Top on the list of his motivations for joining UGHE is a sense of purpose, of birthing a new institution and contributing to Africa’s future. He believes that witnessing the birth of a Center for Equity in Global Surgery was particularly important to him as the lead fellow on the Harvard program research pillar from which he became a faculty member. He says, “starting up a center for global surgical care in sub-Saharan Africa was on the list of my career life goals.” 

At UGHE, his daily motivation includes mentors in the surgical community, peers and colleagues, and students. He admits that they have shown him what partnerships, focus, versatility, and courage can do as well as defined the power of accompaniment, trust, a pursuit of equity, friendship, and sponsorship. “I am privileged to share this space with such great people, colleagues, mentees, and students.” 

Through his work, Dr. Barnabas is supporting UGHE’s mission of radically changing the way health care is delivered around the world, by contributing to surgical education and training through designing innovative curriculum, and global surgery research and innovation for both medical students and post-graduate learners. 

He says, “my work is embedded in both the Medical School and the Center for Equity in Global Surgery and revolves around 5 key pillars of the center which are: Education and Training, Global Surgery Research and Innovation, Policy, Advocacy and Financing, Global Convenings, as well as Fellowship and exchange in global surgery”. 

Leveraging Partnerships to Promote Equity in Global Surgery 

Dr. Barnabas with UGHE Medical Students in the classroom.

One of the Late Chancellor and Co-Founder, Dr. Paul Farmer’s most inspiring quotes reminds us that nothing can be achieved without partnerships. Dr. Barnas highlights that the CEGS (Center for Equity in Global Surgery) has leveraged different local and global partnerships to promote equitable surgical care.  

He says, “from student organizations to our local hospitals to UN adjacent institutions, we work together to make surgical care available and affordable. All surgical curriculum design and delivery at UGHE, at both undergraduate and postgraduate levels, is possible only through our deep and equitable partnerships with several academic, and non-academic partners, who have contributed over the years to this work.”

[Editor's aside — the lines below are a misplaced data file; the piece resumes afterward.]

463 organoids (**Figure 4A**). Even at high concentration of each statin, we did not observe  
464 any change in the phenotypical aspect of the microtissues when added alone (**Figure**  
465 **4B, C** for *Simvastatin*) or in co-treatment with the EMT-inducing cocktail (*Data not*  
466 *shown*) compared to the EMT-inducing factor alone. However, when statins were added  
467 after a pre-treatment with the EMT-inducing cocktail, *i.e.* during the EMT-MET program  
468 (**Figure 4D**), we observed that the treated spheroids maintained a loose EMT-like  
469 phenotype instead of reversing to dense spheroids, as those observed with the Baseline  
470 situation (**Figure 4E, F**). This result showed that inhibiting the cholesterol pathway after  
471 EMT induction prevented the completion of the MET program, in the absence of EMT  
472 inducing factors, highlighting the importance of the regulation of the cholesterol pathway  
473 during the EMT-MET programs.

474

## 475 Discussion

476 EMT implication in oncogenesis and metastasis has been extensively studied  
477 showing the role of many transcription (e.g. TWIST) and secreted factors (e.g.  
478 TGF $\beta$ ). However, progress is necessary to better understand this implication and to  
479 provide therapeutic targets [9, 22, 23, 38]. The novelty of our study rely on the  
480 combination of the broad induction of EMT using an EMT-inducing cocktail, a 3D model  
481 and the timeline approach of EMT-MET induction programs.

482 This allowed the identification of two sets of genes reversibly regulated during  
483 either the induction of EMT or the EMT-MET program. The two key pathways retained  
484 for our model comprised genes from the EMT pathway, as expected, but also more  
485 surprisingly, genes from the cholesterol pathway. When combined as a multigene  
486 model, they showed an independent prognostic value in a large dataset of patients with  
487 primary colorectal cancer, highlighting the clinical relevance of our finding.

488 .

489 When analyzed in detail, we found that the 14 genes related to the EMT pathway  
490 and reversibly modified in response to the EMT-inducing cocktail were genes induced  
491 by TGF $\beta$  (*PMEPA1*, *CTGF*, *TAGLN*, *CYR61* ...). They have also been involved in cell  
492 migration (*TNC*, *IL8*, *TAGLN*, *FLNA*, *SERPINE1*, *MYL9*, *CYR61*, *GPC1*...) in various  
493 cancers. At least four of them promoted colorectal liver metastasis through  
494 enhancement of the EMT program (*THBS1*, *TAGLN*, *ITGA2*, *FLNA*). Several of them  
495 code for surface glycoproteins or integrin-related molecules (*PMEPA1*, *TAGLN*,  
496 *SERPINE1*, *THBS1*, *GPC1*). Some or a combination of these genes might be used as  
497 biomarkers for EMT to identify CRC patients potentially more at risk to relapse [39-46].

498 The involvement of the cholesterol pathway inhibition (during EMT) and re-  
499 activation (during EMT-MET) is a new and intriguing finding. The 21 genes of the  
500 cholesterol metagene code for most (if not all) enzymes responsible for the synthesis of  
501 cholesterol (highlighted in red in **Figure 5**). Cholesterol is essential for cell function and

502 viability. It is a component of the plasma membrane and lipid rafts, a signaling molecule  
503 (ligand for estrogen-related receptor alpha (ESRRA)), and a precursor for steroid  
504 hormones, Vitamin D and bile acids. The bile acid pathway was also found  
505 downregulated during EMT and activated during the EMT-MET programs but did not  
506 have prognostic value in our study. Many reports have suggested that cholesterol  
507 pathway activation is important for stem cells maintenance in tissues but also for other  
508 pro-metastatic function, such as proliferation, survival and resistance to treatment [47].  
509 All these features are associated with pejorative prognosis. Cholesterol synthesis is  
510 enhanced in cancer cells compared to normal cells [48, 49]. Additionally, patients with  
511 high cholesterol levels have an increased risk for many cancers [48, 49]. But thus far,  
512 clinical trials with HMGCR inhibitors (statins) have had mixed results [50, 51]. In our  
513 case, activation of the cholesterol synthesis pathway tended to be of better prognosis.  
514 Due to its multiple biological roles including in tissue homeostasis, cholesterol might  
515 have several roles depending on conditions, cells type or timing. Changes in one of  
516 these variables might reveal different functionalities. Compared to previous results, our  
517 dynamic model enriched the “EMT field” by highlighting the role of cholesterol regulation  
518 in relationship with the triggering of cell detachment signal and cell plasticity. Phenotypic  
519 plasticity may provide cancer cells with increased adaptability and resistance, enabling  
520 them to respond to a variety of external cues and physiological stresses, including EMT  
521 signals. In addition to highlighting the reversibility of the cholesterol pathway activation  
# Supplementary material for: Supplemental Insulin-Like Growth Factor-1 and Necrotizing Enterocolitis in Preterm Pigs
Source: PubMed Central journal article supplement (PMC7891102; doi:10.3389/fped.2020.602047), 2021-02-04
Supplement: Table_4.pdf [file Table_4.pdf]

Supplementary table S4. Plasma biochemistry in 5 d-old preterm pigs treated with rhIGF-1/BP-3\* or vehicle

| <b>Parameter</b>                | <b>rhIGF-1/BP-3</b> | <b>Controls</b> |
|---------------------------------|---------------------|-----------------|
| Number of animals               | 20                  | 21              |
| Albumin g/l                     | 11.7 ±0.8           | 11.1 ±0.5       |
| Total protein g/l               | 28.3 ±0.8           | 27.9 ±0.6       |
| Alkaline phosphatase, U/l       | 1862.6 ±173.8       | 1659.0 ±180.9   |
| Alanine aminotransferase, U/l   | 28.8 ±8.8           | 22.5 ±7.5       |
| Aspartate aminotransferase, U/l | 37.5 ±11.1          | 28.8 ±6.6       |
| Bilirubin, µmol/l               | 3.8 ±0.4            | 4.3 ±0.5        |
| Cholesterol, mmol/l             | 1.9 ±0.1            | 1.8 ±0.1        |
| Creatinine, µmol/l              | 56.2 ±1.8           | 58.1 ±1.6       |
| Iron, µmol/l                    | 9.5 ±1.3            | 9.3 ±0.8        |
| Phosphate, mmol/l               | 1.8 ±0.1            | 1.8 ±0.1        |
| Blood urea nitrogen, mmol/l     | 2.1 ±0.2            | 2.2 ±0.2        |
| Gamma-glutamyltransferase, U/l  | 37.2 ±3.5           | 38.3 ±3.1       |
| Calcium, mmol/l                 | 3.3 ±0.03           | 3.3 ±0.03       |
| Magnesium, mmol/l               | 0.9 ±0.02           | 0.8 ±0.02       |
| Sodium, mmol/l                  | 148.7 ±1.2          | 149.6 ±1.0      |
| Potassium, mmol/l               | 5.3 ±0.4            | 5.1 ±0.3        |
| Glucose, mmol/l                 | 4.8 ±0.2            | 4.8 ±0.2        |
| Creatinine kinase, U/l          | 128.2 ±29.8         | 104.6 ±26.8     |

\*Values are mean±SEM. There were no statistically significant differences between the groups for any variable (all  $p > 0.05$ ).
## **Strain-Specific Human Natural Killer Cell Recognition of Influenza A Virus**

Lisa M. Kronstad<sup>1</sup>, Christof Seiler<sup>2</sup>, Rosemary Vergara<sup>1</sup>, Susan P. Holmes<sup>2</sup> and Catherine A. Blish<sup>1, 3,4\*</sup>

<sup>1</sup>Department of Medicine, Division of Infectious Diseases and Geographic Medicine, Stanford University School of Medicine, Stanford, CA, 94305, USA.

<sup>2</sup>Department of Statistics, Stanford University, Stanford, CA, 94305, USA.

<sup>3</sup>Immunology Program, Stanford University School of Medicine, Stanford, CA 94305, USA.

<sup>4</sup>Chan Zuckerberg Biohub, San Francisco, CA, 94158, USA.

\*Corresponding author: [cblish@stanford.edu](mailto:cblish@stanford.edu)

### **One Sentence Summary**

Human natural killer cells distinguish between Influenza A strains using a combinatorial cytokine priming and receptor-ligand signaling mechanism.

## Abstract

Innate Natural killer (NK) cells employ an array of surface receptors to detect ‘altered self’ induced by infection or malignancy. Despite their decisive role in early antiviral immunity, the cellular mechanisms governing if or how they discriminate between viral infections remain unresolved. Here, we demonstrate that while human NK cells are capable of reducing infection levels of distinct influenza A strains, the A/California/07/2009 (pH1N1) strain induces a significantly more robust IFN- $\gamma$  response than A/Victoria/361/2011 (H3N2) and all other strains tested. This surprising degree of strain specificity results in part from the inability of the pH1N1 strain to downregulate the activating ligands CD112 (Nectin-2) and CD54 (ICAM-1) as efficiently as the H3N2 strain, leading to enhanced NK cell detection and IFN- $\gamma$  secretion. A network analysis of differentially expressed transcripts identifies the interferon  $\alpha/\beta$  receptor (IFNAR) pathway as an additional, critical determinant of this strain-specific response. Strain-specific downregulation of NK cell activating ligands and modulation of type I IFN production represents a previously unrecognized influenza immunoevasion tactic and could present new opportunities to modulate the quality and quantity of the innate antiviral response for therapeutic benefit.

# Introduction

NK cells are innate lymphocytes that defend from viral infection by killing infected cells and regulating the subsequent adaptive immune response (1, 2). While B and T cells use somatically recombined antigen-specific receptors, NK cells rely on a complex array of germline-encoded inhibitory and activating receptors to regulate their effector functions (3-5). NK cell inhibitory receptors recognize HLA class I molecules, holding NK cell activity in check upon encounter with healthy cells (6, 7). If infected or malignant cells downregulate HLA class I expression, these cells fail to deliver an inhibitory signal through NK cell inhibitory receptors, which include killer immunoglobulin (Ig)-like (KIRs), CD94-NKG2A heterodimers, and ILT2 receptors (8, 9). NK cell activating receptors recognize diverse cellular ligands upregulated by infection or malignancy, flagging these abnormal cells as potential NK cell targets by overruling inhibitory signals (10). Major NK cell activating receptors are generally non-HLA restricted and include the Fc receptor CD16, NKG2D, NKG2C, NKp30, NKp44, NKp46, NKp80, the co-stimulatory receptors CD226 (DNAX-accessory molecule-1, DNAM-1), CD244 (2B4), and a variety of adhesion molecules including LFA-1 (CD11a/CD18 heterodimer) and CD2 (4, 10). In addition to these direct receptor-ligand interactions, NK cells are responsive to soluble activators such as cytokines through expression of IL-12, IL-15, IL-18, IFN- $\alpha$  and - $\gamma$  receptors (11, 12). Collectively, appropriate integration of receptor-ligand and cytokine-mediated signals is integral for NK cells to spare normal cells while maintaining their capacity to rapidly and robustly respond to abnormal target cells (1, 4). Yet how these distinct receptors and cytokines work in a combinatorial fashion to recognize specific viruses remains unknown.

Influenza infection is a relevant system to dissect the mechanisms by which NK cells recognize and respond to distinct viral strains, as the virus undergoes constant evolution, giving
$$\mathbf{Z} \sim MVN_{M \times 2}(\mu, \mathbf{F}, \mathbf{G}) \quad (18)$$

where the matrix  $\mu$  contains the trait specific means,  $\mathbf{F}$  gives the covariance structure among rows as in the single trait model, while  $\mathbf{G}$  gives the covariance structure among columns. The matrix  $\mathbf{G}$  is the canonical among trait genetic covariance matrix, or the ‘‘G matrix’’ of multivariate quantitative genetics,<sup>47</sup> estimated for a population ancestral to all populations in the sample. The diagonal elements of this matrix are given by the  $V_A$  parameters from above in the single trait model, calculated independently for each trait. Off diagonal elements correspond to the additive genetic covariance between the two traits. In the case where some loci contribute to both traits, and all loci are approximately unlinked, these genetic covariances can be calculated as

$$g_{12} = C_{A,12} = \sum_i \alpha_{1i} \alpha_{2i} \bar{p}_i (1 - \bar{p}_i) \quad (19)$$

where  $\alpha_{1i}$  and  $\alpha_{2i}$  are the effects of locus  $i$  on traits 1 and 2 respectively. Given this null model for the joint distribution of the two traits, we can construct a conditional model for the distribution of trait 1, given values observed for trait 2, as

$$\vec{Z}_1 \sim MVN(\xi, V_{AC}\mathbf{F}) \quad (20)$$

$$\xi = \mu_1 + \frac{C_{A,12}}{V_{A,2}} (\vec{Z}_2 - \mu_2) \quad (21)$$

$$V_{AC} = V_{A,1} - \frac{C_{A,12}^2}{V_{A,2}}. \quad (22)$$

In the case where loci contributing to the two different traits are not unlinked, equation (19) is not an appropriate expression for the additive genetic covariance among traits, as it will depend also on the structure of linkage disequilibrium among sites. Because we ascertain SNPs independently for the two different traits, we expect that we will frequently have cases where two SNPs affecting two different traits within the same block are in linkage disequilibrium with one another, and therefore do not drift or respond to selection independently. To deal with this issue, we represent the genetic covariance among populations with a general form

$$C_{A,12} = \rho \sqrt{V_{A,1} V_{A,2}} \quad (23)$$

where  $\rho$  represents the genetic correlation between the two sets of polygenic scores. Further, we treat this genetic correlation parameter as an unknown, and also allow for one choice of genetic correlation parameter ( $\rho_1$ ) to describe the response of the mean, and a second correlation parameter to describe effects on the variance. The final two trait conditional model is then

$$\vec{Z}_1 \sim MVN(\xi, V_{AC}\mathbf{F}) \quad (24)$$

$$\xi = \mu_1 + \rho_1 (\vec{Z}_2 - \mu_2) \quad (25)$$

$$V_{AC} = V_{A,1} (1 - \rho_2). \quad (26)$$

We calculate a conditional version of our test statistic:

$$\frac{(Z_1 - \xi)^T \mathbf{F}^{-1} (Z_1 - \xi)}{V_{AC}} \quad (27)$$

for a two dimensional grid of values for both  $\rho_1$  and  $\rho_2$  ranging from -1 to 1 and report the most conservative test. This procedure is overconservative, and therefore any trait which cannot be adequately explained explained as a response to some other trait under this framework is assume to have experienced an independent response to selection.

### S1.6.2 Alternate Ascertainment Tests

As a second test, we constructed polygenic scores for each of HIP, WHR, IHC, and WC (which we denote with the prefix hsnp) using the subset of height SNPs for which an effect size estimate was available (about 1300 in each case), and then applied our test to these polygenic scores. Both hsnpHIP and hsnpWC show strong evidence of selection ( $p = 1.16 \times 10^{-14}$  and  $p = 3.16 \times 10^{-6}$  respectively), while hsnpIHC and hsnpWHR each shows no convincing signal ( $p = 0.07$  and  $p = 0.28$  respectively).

Global Surgery Option in the MGHD Program 

Till recently, surgery has been known as the “neglected step-child of Global Health”, particularly in Sub-Saharan Africa where there is a need for homegrown leaders at ministries of health, academic institutions, and research institutes who will be the drivers and leaders of the interdisciplinary global surgery equity movement. To prepare those kinds of leaders, UGHE recently opened the Global Surgery option in its Master of Science in Global Health Delivery, an exciting opportunity to promote equitable surgical care in global health.  

Dr. Barnabas considers this crucial in equipping individuals who will advocate for affordable surgery in vulnerable communities.  

 “I believe this program will be a critical part of the solution and help raise individuals who will be influential voices for surgical equity in LMICs. It will change the narrative for the patient at the remote district hospital, the person who sells everything for his appendectomy, the woman who needs a c-section, but does not have access to a hospital within 4 hours of home, the advocate at the ministry of health fighting the system to get surgery on the agenda.” He says. 

The Global Surgery option will provide interdisciplinary and leadership training for the next generation of healthcare professionals, researchers, and advocates. 

Applications for the UGHE’s Master of Science in Global Health Delivery (MGHD) are still open with Options in Global Surgery, Health Management, One Health and Gender, Sexual, and Reproductive Health. Learn more here.